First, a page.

I Was Sick of Patriarchal, White Supremacist, and Eurocentric Fashion — So I Became a Designer

The system is bullshit. Let's point it out.
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Publish date:
March 4, 2016
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Tags:
fashion, racism, beauty standards, fashion designers

My name is Jenny and I am the feminist-designer-sweetheart behind She Loves Dresses. A photographer turned blogger turned designer, I began designing dresses in 2015 because I want to change the world... but I'll get to that.

First, some backstory. Growing up Asian American, I felt isolated and marginalized by both the fashion world and by the whole of pop culture. The "cool" girls on TV never looked like me and neither did the heroes, lovers, princesses, or best friends. To be honest, they still don't. Despite that, I've had a love affair with television and movies for as long as I can remember. Much to the dismay of my conservative mother, I would much rather watch the newest episode of One Tree Hill, than read the Bible or go to church. I wanted to ride in cars with boys like Brooke and Peyton. I wanted to wear cute clothes, stay out late, and fall madly in love over and over again. I wanted to belong.

Despairingly, none of the worlds I loved made any effort to include Asian women. They weren't included in the world where Rory was sneaking around kissing Jess Mariano at a fairy tale wedding. They weren't present with Serena Van der Woodsen, running the Upper East Side with her equally beautiful and equally white BFF Blair Waldorf. Asian women, as far as these stories were concerned, were either set-dressing or after thoughts.

Worse, my everyday world was not any better — a world where teenage Jenny attended a private high school made up of 90% white students. When that young Jenny snuck off to the mall to stare at the new window displays, they were full of California beach blondes and light eyed girls with freckles. I couldn't see myself anywhere. Every mirror in the world as far as I could see reflected white. Cool was white, glamorous was white, beautiful, treasured, carefree, loveable were always white; so when I was looking in my own mirrors, I felt like a worthless freak.

Intersectional feminism saved me.

Somewhere between a California high school and a Texas university, I found the powerful words that could name the oppressive systems I lived under: patriarchy and white supremacy. Once I knew the words I also found that I had a voice, and the more I used it the more I wanted to and needed to.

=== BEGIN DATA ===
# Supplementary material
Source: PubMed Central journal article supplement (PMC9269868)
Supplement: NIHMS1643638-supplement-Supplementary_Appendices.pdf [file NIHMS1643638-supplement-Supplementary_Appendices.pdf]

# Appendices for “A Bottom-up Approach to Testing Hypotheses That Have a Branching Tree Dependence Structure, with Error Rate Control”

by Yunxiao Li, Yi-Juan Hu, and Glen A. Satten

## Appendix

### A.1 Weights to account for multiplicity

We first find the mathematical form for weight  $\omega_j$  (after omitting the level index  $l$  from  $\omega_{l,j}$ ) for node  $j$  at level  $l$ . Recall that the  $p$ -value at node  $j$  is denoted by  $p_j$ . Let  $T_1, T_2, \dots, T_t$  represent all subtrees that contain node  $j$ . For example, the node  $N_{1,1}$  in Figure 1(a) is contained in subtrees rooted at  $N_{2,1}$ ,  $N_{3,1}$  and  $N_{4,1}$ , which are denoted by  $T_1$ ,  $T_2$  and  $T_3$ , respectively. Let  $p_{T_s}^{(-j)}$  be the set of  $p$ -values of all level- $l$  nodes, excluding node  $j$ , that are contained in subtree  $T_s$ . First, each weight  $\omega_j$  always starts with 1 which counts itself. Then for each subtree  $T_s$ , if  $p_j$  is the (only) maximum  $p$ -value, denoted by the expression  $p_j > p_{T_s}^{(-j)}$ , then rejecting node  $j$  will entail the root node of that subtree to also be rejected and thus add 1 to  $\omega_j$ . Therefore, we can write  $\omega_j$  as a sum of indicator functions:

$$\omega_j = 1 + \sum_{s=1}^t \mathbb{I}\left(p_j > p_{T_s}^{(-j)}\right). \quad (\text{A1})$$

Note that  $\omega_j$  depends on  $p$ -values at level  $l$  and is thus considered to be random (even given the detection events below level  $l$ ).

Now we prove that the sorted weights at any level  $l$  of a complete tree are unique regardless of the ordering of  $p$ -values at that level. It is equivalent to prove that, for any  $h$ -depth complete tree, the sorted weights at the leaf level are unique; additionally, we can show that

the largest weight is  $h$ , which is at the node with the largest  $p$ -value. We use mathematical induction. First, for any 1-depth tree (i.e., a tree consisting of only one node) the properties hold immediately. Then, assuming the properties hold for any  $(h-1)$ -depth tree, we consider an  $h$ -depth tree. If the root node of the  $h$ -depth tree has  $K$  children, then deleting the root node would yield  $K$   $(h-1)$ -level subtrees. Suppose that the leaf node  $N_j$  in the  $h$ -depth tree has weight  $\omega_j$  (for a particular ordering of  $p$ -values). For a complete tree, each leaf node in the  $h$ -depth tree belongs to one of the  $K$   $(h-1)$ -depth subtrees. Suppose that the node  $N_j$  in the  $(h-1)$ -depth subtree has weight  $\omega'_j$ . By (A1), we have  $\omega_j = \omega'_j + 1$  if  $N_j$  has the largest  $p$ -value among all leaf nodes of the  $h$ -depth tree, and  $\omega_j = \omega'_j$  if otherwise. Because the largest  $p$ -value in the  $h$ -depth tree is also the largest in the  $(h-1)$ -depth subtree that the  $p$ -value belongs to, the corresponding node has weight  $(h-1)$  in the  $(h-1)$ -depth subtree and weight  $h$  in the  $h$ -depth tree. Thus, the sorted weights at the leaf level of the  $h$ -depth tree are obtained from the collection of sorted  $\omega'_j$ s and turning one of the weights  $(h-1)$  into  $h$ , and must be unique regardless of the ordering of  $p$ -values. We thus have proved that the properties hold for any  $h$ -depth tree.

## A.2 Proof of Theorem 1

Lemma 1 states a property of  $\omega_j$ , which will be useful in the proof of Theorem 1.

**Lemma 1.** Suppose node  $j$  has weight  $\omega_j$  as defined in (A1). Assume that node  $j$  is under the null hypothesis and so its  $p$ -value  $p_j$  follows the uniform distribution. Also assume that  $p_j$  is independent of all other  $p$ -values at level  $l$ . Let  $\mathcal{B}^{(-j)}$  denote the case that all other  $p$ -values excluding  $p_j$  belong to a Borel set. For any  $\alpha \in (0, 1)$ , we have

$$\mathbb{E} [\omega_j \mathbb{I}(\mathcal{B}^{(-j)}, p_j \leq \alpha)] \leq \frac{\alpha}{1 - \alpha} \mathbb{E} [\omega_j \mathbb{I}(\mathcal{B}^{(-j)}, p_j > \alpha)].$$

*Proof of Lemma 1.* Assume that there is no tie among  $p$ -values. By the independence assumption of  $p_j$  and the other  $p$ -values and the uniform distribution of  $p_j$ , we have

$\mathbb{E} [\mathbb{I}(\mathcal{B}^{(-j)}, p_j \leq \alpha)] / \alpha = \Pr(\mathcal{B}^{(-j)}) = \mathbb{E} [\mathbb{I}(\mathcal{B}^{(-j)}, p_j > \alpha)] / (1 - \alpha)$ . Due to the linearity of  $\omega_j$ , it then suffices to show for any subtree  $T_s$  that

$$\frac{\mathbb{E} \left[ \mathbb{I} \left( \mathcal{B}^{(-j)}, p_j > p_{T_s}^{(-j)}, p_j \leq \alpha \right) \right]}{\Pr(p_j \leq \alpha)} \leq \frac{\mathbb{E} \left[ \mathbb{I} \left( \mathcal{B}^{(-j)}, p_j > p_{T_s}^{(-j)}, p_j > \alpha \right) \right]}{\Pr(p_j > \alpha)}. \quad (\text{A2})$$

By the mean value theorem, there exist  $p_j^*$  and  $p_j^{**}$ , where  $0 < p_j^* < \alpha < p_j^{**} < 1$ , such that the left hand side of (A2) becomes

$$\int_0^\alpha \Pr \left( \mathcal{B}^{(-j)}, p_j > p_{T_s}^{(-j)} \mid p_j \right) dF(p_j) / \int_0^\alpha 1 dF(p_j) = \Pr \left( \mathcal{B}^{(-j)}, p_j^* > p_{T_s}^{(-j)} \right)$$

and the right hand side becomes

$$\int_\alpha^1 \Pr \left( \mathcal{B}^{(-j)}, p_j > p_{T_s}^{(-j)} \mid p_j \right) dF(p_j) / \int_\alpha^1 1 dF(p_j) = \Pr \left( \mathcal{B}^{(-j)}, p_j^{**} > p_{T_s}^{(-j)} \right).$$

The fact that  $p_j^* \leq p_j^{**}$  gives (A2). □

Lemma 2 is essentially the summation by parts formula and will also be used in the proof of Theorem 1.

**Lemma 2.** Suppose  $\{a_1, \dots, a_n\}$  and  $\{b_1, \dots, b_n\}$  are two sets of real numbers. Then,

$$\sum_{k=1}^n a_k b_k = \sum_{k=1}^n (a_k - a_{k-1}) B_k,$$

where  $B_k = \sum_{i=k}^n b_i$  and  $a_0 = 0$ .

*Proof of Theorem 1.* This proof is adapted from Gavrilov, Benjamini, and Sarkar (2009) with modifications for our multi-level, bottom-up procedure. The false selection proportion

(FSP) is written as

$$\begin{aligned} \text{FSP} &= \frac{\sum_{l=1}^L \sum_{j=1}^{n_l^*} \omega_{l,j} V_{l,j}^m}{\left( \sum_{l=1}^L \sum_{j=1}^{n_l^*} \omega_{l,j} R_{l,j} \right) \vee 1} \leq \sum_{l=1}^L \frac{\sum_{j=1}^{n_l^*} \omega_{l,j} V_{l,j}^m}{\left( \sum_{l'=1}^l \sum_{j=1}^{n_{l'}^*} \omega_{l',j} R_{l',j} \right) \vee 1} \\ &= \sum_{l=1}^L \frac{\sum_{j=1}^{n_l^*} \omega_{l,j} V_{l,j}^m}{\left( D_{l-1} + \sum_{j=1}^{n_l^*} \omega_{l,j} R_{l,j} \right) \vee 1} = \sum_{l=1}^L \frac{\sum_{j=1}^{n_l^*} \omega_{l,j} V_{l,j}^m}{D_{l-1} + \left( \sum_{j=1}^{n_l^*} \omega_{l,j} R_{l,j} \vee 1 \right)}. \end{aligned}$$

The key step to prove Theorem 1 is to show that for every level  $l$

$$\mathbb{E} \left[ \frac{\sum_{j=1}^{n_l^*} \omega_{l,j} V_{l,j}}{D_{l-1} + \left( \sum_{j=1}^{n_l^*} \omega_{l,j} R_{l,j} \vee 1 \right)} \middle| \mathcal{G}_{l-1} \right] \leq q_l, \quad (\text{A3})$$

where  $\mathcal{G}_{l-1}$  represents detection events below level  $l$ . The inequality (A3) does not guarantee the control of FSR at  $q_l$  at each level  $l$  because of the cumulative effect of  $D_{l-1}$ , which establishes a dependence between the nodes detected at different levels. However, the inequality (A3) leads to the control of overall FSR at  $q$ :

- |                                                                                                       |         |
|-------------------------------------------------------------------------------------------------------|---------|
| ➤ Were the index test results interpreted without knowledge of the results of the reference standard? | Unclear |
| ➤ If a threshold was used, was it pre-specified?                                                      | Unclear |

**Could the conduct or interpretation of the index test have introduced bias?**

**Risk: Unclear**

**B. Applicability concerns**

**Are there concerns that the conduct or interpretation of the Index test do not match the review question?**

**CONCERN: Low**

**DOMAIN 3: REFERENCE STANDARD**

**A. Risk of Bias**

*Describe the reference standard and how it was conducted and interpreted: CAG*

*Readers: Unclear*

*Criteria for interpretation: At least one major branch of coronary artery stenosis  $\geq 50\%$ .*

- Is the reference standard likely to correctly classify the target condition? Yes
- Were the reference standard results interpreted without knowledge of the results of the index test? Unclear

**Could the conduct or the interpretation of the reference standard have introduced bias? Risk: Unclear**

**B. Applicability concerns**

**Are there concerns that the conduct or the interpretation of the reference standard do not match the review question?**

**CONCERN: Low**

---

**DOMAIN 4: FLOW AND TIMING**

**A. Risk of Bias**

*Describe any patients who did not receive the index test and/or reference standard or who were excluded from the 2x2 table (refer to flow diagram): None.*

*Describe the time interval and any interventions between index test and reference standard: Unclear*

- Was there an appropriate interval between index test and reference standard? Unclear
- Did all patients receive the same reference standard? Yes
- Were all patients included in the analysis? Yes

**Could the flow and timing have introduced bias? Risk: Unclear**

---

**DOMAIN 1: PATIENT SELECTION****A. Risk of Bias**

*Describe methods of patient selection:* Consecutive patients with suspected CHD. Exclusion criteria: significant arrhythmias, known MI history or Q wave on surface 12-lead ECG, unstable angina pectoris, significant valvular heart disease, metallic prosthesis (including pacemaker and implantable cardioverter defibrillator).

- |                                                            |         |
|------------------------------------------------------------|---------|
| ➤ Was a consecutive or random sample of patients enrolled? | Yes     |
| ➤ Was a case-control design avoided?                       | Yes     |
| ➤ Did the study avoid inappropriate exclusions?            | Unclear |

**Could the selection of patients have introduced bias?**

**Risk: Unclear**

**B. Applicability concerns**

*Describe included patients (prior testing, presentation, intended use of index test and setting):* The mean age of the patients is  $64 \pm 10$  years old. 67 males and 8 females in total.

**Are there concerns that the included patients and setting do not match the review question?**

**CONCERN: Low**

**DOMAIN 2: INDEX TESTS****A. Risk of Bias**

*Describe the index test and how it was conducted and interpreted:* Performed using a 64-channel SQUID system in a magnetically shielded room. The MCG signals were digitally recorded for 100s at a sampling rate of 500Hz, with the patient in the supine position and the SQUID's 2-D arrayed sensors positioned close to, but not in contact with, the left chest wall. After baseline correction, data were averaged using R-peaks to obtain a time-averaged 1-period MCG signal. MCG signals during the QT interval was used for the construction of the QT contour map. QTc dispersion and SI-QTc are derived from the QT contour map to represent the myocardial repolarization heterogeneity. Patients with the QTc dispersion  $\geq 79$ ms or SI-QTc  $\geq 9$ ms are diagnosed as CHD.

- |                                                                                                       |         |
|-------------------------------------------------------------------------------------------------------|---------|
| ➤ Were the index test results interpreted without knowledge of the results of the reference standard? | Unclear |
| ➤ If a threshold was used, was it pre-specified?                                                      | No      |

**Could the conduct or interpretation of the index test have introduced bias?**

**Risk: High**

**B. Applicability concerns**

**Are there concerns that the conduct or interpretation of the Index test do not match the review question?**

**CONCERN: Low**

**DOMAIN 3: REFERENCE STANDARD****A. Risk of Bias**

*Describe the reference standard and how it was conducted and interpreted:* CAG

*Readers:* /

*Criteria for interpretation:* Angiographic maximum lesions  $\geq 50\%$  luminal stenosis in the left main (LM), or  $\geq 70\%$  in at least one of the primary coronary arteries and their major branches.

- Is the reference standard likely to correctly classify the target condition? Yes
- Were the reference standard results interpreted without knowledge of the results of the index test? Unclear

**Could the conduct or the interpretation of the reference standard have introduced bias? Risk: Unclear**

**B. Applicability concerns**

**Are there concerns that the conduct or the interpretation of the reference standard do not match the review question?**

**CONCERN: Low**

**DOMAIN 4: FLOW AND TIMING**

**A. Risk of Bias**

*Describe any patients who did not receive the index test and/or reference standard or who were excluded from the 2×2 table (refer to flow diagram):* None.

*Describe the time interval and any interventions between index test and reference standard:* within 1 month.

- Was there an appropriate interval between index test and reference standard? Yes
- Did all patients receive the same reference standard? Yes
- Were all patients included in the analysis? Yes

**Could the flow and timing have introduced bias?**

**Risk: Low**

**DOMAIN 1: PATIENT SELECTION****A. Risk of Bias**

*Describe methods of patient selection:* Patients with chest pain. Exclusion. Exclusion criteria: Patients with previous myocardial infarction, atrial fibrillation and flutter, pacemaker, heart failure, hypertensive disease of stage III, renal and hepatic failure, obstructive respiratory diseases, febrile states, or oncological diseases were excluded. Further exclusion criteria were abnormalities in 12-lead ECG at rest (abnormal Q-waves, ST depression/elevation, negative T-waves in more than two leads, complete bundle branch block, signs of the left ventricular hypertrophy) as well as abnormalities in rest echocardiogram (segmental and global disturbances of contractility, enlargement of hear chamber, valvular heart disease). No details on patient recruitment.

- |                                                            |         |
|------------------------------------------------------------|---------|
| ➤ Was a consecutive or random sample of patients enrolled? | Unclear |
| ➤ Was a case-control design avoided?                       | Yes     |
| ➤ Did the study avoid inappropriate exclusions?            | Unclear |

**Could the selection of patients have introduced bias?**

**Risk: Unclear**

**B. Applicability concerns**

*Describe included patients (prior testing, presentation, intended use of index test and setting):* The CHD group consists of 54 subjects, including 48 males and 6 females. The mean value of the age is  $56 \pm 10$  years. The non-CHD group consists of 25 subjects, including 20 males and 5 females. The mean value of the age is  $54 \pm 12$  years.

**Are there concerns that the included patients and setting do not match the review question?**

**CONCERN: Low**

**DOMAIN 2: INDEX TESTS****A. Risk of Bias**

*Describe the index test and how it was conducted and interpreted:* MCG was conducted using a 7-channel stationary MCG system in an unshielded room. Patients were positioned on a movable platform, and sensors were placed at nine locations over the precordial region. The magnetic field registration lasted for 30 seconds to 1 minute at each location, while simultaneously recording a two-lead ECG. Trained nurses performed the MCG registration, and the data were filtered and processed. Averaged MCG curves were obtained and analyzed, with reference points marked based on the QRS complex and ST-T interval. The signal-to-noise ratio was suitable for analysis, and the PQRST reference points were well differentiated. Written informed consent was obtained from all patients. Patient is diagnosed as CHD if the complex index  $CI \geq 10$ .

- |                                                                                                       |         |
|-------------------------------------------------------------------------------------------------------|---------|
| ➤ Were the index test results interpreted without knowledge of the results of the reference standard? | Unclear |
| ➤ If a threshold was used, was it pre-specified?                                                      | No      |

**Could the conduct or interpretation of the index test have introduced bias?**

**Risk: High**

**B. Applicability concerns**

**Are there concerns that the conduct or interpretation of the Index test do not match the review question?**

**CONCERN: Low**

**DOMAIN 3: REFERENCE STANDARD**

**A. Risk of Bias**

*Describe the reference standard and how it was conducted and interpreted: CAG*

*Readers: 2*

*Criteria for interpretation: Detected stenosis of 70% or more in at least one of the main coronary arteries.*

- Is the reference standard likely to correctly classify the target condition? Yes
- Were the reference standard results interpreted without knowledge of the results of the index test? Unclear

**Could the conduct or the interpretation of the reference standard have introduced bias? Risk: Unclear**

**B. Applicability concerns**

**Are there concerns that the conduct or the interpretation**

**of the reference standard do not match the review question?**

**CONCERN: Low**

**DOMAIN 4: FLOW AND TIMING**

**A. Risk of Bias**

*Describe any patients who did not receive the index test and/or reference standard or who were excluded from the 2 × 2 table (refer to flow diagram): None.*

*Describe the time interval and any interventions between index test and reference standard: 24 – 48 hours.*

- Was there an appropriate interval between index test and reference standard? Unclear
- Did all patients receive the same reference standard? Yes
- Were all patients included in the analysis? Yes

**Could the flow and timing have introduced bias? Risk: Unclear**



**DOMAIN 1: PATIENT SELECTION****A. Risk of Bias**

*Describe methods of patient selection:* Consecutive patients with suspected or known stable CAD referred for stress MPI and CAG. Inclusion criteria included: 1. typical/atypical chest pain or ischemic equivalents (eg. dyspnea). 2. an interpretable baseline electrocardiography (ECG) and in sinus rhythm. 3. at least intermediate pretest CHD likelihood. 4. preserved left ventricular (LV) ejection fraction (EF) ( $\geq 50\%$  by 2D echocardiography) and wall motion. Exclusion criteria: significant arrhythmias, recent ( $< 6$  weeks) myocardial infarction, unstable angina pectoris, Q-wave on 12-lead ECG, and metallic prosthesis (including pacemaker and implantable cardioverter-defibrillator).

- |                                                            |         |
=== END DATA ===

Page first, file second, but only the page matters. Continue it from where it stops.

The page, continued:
This is why I began designing dresses in addition to my photography. First, I felt it was imperative to push back against the fashion industry's patriarchal beauty standards. Such standards were established by men, and created for male consumption. It's beyond time to move on from them. Second, I needed to resist prevalent, distinctly Eurocentric standards of beauty — standards that not only prioritize, but often solely value the beauty of white people — thus perpetuating a culture of white supremacy. Finally, I wanted to begin work dismantling the oppressive fashion industry norms of excessive thinness and "ideal" body types.

Unfortunately, all women are socially conditioned by patriarchal, white supremacist values to measure themselves against a man-made point system of what it means to be beautiful, sexy, deserving, and worthy. That system is bullshit, and I'm here to point it out.

I am fed up. I am fed up with browsing the new arrivals of my favorite stores, only to be met with a sea of white models. I'm tired of opening my Instagram feed, only to be greeted by white fashion ads. Actually, no, I'm not tired of it. I'm exhausted by it.

Over 75% of the world's population classifies as non-white and over 50% of children born in the U.S. in 2015 were non-white. Despite these numbers, New York Fashion Week's Spring/Summer 2016 runways were dominated by white models. Only 4.2% of the models were Latina, 8.7% were Asian, and 10.7% were black. Of course, (and sadly) this isn't restricted to the fashion industry. The racial statistics for all print models, television and movie actors, famous musicians, and other pop icons, reveal similar disparities.

She Loves Dresses is a resistance cry. It's a demand to the fashion industry and all media industries that they can, should, and must do better. I designed this first line of dresses to show the world that Asian Americans and all women of color deserve to be seen as equals to white women.

As for the dresses themselves, I wanted them to be magical. I feel like that word is thrown around a lot on the internet these days, but I think this is the best descriptor for how I want people to feel when they see and wear the designs. Floral chiffons in delicate pastel, soft collars that look like petals, giant bows that could belong to Sailor Moon, and eyelet trims so cute I could cry.

These are the clothes I dreamed of and wished I could wear when I was in college, pouring over old 1960's fashion magazines. It's magic, because to fight this fight, I think we need a little magic. Magic as strength. Magic as resistance.

Designing gives me a platform to address issues of denied representation by other so-called feminist brands. When a brand claims feminism, but uses an overwhelming majority of white and/or white passing models, they are intentionally denying women of color the right to be seen. There is no excuse for this. I designed my own dresses, I picked my own models, and launched a brand with the hope and goal of real change.

I believe that the world can change, social norms can shift, and justice will happen through the hands of every day people. I hope young women find She Loves Dresses, and be inspired to keep shouting until people listen.

Remember, the system is bullshit. Let's point it out.